January 25, 2002 - - "The Son's Room" is heartbreaking and not. Winner of
the Palme d'Or at Cannes and a top contender for the best foreign language
Oscar, it is a measured, decorous, at times pat film that manages to be quietly
moving because it touches on something real.
Nanni Moretti, known in Italy for puckish investigations of modern life,
such as "Caro Diario," that have led to comparisons to Woody Allen, not only
directed this quite different film, he also co-wrote, co-produced and stars
Moretti plays Giovanni, a psychiatrist in the small Italian town of Ancona,
someone much more serious than his usual characters. He's a contented
paterfamilias, thoroughly involved with his wife, Paola (Laura Morante),
and their two teenage children, daughter Irene (Jasmine Trinca), a basketball
player, and son Andrea (Giuseppe Sanfelice). Giovanni is introduced looking
with fascination at dancing Hare Krishnas outside a cafe after his morning
run. Their ability to live unencumbered in the moment turns out to be the
opposite of the careful, deliberate way the therapist goes about his life
Some of Giovanni's patients have amusing, exasperating problems and the most
boring dreams, while others, like a man who fears he will turn into a
child-molesting monster, have quite serious dilemmas. To them all, Giovanni
gives a variant of the calming advice that will come back to haunt him: "We
can't control our lives completely. We do what we can. Just take a more relaxed
approach to life and the world."
"The Son's Room" spends as much time with the therapist's family as with
his patients, especially with Andrea, the son Giovanni is often frustrated
with, for reasons ranging from the boy's not playing competitively enough
on the tennis court to being accused of stealing a fossil at school. These
are small-potato difficulties, but they allow us to get to know Andrea, to
feel comfortable with him around, to immerse us in his life.
Then, typically unexpectedly, the worst thing that can happen to a family
happens to Giovanni's: a tragedy takes place, and in its somber, unhurried
way, "The Son's Room" offers an affecting sense of how that would be.
The tragedy, it turns out, lays waste to everything it touches, and there's
nothing that it doesn't touch. The family finds itself in emotional free-fall,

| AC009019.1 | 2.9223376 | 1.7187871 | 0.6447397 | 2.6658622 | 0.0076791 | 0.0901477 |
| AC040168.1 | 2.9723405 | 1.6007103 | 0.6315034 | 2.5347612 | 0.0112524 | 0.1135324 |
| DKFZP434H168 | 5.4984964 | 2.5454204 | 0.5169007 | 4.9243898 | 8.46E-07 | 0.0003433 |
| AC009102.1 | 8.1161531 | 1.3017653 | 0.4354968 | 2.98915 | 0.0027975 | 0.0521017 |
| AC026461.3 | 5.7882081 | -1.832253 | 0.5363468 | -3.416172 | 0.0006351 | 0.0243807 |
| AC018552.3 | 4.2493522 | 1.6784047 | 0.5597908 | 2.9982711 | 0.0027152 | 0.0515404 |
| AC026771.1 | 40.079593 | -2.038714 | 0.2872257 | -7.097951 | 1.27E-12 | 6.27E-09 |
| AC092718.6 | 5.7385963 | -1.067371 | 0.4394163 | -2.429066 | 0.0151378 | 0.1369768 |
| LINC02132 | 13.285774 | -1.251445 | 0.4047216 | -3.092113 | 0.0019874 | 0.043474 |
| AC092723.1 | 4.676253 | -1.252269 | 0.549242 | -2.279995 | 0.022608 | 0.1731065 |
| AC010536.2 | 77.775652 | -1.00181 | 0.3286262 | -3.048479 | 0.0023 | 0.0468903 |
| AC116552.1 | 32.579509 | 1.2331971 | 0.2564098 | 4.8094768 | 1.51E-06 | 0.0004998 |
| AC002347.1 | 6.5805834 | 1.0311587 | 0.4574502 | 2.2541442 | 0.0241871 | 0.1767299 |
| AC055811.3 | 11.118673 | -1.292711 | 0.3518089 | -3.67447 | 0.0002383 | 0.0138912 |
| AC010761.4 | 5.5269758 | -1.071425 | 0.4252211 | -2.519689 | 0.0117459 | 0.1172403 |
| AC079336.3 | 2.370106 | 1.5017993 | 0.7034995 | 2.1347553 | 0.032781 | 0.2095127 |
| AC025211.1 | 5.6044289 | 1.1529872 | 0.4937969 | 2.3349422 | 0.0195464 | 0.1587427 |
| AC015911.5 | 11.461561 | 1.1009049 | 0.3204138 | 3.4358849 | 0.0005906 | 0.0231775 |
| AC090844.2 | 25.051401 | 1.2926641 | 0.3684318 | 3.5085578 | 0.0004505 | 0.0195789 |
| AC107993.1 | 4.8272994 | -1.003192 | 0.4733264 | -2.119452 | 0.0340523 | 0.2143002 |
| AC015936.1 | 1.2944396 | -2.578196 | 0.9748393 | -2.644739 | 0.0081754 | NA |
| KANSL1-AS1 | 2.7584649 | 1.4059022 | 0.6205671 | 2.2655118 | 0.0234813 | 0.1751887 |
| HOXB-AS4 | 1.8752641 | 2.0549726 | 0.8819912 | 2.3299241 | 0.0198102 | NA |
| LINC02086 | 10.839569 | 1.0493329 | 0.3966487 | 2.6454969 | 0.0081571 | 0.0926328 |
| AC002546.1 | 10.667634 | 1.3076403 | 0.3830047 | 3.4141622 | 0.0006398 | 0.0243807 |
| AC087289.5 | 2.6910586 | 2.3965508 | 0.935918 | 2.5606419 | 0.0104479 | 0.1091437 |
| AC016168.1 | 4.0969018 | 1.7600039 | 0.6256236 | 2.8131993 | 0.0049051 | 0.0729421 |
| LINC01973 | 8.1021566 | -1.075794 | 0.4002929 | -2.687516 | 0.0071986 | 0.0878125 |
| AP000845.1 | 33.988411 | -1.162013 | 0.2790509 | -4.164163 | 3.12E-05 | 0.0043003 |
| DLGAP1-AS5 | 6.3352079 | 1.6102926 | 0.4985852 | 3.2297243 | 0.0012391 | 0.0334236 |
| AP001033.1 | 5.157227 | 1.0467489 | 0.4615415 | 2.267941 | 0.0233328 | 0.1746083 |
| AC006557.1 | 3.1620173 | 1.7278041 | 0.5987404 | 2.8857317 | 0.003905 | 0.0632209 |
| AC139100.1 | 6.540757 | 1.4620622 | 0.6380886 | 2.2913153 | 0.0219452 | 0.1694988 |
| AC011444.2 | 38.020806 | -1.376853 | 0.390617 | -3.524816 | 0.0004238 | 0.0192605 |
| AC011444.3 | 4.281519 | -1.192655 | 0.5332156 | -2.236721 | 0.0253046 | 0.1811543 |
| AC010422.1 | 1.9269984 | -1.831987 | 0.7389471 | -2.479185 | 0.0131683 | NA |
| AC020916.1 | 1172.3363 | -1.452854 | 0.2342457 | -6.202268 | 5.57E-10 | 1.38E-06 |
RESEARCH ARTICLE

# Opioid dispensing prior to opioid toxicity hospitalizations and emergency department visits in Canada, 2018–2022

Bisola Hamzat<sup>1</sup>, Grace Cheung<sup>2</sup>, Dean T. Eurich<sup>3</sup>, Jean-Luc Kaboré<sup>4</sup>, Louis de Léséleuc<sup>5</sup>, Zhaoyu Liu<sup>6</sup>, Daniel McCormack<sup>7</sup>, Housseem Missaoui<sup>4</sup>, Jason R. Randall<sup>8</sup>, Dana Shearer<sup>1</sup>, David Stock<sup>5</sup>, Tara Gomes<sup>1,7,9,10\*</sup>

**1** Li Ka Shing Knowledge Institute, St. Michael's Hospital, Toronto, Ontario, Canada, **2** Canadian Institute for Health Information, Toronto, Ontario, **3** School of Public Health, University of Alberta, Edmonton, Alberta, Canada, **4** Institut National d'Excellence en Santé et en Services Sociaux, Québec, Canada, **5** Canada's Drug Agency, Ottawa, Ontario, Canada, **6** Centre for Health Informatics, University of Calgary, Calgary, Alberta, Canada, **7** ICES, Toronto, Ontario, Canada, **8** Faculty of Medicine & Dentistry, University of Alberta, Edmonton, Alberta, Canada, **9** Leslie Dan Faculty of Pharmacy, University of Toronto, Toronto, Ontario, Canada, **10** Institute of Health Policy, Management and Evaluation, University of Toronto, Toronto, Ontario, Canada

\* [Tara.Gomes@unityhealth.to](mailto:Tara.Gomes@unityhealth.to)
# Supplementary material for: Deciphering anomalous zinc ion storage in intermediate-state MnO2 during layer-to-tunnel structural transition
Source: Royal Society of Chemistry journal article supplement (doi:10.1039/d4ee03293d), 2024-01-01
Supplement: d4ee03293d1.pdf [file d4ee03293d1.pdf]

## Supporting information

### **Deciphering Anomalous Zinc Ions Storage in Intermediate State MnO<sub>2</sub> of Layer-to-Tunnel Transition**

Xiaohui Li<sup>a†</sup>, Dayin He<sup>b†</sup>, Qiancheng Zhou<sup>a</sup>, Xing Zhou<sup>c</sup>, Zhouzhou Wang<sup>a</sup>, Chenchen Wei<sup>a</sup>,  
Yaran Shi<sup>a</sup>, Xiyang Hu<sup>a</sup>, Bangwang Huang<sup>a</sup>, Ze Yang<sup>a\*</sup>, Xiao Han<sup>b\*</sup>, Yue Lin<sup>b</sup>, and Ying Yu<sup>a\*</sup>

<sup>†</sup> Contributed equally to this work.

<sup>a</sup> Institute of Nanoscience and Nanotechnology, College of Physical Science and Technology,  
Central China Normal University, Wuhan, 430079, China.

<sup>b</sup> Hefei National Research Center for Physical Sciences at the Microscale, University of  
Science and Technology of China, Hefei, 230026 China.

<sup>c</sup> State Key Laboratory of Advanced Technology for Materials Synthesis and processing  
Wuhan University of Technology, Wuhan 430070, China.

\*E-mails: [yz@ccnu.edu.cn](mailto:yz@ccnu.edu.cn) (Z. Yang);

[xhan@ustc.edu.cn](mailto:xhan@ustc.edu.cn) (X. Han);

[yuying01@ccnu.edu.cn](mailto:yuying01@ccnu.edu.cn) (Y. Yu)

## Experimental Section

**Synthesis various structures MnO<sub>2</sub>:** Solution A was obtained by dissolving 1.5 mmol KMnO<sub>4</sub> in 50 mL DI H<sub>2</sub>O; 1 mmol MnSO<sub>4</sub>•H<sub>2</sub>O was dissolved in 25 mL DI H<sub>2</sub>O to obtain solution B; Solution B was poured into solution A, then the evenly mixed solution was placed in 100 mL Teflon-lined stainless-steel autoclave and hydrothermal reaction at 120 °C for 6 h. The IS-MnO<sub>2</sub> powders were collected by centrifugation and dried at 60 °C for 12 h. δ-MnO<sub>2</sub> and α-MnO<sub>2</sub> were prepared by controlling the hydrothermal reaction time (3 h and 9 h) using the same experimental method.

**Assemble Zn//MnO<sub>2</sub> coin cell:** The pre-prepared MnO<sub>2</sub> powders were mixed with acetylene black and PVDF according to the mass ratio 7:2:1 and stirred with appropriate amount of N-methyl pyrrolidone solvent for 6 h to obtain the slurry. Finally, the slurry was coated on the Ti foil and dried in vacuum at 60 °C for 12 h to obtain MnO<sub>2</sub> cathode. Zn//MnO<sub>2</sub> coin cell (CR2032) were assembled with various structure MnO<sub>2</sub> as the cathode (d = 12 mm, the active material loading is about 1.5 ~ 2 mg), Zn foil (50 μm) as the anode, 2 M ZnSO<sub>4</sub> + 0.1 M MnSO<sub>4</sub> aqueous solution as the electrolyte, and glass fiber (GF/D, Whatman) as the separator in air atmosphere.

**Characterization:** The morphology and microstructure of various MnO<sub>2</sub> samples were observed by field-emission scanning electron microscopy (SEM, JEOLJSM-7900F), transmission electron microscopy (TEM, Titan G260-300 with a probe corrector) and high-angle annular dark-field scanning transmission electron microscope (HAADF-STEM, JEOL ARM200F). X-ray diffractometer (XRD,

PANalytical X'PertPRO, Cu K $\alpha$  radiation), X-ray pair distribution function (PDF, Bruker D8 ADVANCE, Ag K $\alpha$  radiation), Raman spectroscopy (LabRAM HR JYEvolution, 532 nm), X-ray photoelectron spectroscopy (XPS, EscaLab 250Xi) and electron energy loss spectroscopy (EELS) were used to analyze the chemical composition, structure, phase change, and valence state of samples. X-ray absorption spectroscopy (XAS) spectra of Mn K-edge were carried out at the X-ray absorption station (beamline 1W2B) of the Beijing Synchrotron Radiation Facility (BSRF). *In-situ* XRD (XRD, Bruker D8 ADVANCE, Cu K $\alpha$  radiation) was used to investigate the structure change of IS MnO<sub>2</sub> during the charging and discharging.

in a situation without rules or guidance, where Giovanni can't begin to take
his own good advice and his wife and daughter find the pain so deep they
have to retreat into themselves if they are to survive at all.
Although Moretti is better at being serious than his earlier work would have
you expect, he is still someone who acts at a remove, who tiptoes at the
edge of deep emotion. So it falls to Morante, (seen in John Malkovich's "The
Dancer Upstairs" at the Sundance Film Festival, co-starring with Javier Bardem)
to provide the feeling center of "The Son's Room." Her despair as a mother,
her uncertainty, her passion is what gives this film its life. When she cries,
it is always for real...
Yet just when you despair most, just when a place of prominence is given
to Brian Eno's soft-rock "By This River," "The Son's Room" regains its footing.
A chance event raises the question of whether it is possible for life to
reassert and rekindle itself, for life to, in effect, rescue life. It's here
that the virtues of Moretti's determination not to overstate or overdo things
are most evident. Even if "The Son's Room" did not totally trust itself before,
it does now, when it counts.
MPAA rating: R, for language and some sexuality. Times guidelines: adult
subject matter and some moments of sensuality.
'The Son's Room'
Nanni Moretti ...Giovanni
Laura Morante ...Paola
Jasmine Trinca ...Irene
Giuseppe Sanfelice ...Andrea
Sofia Vigliar ...Arianna
A Sacher Film-Bac Films--StudioCanal co-production, in collaboration with
Rai Cinema and Tele+, released by Miramax Films. Director Nanni Moretti.
Producers Angelo Barbagallo, Nanni Moretti. Screenplay Linda Ferri, Nanni
Moretti, Heidrun Schleef. Cinematographer Giuseppe Lanci. Editor Esmeralda
Calabria. Costumes Maria Rita Berbera. Music Nicola Piovani. Running time:
1 hour, 39 minutes.